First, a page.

A common refrain in the world of independent medical education (IME) is that one size does not fit all. This is true for different live meeting settings, for the information presented in different types of online activities, and for different age groups of learners. One circumstance in which this is particularly true is when educational activities occur in different regions of the world. While “facts are facts” wherever you are, the educational needs of a population may vary widely across the world, and it is essential that IME activities are appropriately tailored to meet the educational needs of the local audience of learners.
One of the biggest differences in educational needs across the world is in accurately representing current practices and standards of care. Because every region is subject to its own regulatory approval process and available treatments may vary by country, it is important that an educational activity provide accurate, useful information for local audiences. The best way to do this is to ensure a local moderator is involved in the activity from the beginning. Even if speakers come from across the world, the local moderator can provide insight and expertise on treating patients in the region and review presentations in advance to ensure they are providing the most up-to-date and useful information for the local audience.
A major issue faced by many regional meetings is that languages and customs can vary from place to place. While allowances are made for large, international meetings, local IME activities should expect to adapt to the needs of the learners. In addition to engaging a local moderator who is familiar with the area and the needs of the learners, using local speakers or simultaneous translation can ensure that learners are engaged and understand the educational message regardless of their mastery of another language. Learning in a second language can be difficult, especially when the information presented is new or challenging. Providing an opportunity for learners to hear new data in their first language can make a major difference in both the impact of the activity and how it is received.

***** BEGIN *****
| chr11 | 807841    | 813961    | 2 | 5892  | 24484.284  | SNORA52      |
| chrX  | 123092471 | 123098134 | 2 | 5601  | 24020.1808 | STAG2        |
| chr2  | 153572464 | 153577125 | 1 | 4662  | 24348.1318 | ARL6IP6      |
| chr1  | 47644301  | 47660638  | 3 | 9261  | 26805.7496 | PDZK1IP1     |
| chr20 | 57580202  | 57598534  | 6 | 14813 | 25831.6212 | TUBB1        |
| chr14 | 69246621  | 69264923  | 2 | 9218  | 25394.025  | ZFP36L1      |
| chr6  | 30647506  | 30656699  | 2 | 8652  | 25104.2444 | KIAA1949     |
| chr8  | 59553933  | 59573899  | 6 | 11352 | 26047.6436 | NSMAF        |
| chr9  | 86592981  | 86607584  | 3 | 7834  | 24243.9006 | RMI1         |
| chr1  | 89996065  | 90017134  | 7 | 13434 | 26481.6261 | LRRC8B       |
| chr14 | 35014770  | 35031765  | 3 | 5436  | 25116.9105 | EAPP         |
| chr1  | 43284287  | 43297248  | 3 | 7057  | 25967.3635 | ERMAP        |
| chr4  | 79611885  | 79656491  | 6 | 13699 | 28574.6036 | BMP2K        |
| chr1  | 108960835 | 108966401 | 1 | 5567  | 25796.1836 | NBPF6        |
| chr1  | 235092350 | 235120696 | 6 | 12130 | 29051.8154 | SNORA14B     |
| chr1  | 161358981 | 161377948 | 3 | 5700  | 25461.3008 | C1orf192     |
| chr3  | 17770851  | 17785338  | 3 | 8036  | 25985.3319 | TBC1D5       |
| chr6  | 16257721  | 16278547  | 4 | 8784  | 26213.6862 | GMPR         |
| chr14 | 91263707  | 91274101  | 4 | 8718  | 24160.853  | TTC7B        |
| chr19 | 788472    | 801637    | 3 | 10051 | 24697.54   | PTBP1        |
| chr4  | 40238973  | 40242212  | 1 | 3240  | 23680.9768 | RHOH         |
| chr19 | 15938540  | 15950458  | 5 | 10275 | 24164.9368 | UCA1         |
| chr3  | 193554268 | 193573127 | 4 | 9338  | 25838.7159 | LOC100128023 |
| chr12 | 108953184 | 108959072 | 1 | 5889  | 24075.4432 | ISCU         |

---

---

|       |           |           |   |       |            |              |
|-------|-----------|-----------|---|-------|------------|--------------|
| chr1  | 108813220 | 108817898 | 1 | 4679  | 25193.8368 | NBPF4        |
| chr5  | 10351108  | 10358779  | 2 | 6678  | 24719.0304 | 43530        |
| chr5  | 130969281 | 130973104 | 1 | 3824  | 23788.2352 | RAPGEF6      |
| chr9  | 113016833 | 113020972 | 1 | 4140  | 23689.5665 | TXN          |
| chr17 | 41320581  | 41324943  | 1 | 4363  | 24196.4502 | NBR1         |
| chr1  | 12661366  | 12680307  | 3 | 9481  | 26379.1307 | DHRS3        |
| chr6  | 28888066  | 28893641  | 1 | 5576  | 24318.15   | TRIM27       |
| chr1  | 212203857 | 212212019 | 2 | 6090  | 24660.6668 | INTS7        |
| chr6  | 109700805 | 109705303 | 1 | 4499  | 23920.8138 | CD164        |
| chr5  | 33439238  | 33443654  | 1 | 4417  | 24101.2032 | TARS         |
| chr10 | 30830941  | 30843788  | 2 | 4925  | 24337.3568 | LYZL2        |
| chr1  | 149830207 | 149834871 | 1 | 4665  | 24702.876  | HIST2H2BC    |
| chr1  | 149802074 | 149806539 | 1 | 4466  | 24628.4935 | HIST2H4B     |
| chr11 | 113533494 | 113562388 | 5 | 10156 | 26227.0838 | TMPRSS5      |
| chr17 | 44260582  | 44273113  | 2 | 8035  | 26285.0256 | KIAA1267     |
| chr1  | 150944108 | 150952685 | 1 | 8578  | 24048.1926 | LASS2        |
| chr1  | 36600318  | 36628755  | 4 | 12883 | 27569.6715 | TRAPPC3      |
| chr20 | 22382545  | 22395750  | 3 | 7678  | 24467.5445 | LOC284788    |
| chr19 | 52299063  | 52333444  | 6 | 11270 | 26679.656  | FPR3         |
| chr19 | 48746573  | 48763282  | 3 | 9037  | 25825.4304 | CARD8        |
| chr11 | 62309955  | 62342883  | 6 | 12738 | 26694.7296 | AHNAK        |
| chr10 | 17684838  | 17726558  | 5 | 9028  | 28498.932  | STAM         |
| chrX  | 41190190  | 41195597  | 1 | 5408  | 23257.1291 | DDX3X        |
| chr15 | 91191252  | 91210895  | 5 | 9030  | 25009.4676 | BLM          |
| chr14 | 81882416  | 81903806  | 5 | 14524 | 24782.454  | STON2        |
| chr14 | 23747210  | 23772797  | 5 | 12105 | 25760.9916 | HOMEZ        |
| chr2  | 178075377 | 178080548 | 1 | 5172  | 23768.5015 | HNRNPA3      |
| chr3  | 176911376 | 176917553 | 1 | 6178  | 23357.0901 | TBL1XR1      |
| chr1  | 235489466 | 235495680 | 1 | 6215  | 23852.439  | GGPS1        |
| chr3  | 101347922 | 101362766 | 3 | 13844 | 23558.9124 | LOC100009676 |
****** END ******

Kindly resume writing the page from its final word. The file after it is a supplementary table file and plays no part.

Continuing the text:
There are many benefits to hosting local IME activities in different regions across the world. These activities allow learners to engage with their peers and communicate ideas and challenges and develop opportunities for collaboration. However, differences in local treatment standards, regulations, customs, and languages can post a challenge when developing these activities. Using local moderators, providing opportunities for translation, and paying careful attention to local customs can help ensure IME activities shine in any region.